Trump told Fla. crowd seeking immunity must mean guilt

Michael Flynn — the former national security adviser now looking for legal protection in exchange for testimony — wasn’t the only one who used to think asking for immunity is an admission of guilt.

President Trump, while still a candidate, said top Hillary Clinton aides could’ve only asked investigators for immunity in an FBI probe because they did something illegal.

“And if you’re not guilty of a crime, what do you need immunity for, right?” Trump asked the crowd at a Sept. 27 rally in Melbourne, Fla. “Have you ever seen anything so corrupt in your life? Have you ever seen a greater embarrassment to our country?”

At the time, it came to light that Clinton’s former chief of staff and two other staffers were granted immunity to testify in a since shuttered investigation into her use of a private email server.

Trump complains of ‘witch hunt’ by media, Democrats against Flynn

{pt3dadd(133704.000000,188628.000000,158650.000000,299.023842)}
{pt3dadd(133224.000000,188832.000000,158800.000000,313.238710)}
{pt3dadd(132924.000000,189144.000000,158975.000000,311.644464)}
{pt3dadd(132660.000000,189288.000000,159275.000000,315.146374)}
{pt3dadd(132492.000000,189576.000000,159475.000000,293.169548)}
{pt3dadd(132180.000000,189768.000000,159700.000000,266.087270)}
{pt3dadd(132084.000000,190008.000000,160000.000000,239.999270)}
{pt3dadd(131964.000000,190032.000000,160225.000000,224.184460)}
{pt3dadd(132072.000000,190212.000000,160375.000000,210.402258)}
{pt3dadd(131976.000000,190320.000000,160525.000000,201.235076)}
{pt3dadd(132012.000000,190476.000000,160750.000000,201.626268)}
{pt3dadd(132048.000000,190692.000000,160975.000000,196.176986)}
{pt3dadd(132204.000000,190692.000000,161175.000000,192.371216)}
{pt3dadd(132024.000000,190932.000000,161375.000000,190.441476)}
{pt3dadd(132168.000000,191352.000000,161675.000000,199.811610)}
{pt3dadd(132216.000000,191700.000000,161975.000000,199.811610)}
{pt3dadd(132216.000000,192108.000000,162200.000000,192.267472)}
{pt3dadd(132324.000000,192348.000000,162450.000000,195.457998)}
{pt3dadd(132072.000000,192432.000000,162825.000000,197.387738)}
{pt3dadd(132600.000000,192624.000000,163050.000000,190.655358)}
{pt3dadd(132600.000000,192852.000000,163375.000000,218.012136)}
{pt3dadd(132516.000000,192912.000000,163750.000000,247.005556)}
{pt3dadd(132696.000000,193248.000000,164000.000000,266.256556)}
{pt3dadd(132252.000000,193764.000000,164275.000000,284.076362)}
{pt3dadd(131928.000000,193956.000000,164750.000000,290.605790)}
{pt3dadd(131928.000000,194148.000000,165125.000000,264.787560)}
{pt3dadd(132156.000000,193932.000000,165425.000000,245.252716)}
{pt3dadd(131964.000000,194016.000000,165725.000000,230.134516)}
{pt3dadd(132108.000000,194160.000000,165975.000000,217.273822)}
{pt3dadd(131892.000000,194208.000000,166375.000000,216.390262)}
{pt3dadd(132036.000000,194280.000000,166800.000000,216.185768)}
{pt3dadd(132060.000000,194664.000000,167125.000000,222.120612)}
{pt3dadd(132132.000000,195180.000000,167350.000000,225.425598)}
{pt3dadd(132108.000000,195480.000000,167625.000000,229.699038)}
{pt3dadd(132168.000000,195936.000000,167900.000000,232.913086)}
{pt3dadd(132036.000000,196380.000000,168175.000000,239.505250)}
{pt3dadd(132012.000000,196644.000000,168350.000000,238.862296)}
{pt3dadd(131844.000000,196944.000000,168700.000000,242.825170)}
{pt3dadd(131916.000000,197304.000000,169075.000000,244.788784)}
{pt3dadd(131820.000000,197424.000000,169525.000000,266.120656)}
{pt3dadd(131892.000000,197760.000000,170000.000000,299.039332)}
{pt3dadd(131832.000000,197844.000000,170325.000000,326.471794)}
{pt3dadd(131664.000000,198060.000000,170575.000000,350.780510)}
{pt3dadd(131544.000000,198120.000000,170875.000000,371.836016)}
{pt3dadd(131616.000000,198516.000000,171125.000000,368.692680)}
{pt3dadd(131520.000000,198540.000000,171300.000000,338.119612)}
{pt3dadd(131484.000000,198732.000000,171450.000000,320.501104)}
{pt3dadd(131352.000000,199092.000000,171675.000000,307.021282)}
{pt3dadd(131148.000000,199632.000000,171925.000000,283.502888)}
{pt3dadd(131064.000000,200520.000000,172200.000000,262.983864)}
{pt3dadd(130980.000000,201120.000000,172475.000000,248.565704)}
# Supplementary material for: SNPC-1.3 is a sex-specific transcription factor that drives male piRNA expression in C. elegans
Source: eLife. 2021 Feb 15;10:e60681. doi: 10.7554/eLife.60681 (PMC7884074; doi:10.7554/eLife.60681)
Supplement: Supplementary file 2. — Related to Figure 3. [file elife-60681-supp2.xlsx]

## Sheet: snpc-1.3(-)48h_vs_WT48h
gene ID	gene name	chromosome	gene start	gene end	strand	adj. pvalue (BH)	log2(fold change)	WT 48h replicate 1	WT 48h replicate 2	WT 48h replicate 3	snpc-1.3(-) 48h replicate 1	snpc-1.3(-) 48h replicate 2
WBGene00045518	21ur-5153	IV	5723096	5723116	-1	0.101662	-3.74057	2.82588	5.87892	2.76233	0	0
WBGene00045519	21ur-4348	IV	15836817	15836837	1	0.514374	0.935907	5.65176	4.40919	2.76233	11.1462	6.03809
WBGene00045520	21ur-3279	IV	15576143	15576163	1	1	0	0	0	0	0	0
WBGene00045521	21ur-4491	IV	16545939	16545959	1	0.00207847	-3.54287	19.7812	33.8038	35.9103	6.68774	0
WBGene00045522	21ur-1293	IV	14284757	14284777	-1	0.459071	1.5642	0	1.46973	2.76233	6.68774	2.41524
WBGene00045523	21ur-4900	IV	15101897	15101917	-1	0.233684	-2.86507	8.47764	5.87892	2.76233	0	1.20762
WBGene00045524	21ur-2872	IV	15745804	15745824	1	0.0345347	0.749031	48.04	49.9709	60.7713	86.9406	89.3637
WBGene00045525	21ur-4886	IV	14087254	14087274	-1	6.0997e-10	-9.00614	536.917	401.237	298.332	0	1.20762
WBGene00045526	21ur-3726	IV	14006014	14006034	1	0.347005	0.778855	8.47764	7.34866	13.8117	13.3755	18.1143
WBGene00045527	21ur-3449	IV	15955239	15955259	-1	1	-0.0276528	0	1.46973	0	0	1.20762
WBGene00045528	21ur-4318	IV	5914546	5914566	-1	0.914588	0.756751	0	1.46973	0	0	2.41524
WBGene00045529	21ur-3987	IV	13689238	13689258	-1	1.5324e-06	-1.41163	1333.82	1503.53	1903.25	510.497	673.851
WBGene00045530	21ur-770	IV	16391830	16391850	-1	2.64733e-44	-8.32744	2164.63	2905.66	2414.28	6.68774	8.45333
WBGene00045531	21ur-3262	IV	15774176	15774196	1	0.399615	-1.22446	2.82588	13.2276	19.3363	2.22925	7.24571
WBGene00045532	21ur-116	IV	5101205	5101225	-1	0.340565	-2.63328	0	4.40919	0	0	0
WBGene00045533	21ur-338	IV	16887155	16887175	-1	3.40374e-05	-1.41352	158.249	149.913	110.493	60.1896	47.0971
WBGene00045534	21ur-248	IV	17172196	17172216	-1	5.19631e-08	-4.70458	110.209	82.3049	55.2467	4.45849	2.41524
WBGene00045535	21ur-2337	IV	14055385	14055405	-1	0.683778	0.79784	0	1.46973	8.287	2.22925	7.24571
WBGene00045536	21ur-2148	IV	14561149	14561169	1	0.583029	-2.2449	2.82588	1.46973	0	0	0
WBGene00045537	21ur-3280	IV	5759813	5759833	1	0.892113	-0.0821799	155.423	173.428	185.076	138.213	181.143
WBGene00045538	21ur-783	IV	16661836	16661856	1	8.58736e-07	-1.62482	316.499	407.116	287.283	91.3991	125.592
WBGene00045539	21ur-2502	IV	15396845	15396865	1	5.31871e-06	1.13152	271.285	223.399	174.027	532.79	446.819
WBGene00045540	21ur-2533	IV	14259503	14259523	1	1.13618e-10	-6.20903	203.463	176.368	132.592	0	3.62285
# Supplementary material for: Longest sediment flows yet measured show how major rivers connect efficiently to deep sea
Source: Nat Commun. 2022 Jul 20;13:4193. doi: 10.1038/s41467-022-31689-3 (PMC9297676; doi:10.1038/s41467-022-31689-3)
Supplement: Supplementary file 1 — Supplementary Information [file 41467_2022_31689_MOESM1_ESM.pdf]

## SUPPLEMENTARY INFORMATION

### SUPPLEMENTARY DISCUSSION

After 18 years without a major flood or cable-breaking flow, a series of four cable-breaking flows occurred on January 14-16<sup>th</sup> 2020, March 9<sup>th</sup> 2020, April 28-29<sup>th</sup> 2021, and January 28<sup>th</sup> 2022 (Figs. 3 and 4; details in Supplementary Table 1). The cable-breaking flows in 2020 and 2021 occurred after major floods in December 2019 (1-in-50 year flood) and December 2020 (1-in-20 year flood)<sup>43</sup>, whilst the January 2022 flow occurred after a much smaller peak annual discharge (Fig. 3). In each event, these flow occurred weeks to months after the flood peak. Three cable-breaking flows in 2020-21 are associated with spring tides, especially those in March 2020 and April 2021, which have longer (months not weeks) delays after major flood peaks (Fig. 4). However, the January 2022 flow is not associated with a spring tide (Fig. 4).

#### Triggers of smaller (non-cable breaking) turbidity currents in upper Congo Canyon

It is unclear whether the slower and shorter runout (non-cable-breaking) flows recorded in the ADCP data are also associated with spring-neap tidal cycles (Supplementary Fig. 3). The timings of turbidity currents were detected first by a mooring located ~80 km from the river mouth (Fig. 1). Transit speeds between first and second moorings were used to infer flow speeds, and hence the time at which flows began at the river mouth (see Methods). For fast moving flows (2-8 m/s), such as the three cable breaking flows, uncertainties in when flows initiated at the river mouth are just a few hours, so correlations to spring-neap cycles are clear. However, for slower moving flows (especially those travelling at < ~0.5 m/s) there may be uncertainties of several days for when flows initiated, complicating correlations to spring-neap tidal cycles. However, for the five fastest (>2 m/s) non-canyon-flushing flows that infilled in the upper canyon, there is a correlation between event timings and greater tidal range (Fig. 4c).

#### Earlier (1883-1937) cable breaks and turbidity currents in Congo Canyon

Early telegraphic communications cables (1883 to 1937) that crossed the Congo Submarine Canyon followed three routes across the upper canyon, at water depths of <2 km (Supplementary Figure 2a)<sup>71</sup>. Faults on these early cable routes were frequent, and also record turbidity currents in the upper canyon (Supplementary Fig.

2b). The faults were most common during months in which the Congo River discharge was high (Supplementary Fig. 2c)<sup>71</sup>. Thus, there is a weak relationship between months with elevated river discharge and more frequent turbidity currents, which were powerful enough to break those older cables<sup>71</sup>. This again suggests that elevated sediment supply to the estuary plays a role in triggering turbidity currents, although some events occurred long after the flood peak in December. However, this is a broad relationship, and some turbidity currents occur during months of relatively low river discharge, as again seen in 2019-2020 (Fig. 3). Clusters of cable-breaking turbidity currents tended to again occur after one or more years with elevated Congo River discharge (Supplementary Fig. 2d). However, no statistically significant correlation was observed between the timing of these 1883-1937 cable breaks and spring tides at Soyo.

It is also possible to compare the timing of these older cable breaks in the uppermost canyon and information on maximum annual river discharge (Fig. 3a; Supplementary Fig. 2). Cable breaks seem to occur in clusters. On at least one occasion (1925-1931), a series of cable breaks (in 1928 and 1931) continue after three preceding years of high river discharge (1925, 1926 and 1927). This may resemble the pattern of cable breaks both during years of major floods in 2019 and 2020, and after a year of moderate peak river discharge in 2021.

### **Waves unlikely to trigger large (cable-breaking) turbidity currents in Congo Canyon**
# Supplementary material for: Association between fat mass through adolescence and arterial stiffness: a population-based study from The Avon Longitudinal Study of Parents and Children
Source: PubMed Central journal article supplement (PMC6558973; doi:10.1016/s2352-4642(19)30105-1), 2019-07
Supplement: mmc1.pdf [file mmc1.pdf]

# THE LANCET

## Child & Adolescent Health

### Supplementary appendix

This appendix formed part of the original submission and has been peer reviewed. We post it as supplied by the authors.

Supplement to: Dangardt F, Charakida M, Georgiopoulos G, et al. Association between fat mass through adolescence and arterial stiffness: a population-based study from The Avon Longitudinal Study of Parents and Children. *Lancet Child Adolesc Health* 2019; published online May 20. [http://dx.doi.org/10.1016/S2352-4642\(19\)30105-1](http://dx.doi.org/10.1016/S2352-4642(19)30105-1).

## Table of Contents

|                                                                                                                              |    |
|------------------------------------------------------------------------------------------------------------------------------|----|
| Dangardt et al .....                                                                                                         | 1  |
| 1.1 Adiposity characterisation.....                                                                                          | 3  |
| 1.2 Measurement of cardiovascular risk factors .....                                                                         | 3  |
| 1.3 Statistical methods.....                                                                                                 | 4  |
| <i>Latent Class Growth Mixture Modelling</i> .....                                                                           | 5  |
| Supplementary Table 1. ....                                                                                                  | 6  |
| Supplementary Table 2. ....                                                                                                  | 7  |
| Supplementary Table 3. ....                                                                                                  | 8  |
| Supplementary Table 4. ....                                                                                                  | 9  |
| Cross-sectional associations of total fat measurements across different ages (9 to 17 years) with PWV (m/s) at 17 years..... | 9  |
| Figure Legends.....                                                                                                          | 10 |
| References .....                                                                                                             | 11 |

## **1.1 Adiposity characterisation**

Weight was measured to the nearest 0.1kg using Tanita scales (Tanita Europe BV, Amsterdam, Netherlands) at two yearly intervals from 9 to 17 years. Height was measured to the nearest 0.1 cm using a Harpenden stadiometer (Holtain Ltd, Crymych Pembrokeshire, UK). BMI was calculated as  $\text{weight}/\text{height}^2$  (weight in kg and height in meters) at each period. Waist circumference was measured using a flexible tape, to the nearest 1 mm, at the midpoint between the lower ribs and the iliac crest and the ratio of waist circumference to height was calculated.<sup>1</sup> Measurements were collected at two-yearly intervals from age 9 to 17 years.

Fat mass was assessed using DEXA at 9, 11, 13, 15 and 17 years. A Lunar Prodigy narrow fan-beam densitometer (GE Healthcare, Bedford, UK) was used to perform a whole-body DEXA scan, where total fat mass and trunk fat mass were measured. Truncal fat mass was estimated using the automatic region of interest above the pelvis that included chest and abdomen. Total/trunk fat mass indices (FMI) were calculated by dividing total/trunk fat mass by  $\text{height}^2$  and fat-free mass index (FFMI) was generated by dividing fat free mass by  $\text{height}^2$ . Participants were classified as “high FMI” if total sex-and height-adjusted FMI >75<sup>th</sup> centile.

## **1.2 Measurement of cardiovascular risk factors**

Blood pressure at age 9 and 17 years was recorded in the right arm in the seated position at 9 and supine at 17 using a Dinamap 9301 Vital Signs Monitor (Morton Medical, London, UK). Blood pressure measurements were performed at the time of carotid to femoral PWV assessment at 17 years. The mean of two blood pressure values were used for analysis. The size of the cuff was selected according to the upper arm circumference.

Trump’s comments last September came two days after Flynn — then a campaign adviser — told NBC’s “Meet the Press” that “the only time you give somebody immunity is if they’ve committed a crime.”

But now Flynn is seeking immunity in exchange for testimony either to the FBI or Congress as they investigate whether members of the Trump campaign worked with Russia to influence the 2016 elections.


Flynn is seeking an immunity deal in exchange for testimony.


On Friday, the Senate Intelligence Committee reportedly rejected Flynn’s plea to speak before the group.

Earlier in the day, Trump changed his tune on immunity, endorsing the former Army general’s request.

Flynn offers to testify in Russia probes for immunity: report

“Mike Flynn should ask for immunity in that this is a witch hunt (excuse for big election loss), by media & Dems, of historic proportion!” the leader of the free world tweeted on Friday.

Flynn was fired in February after it was revealed he misled Vice President Pence about conversations he had with Russian Ambassador Sergei Kislyak.

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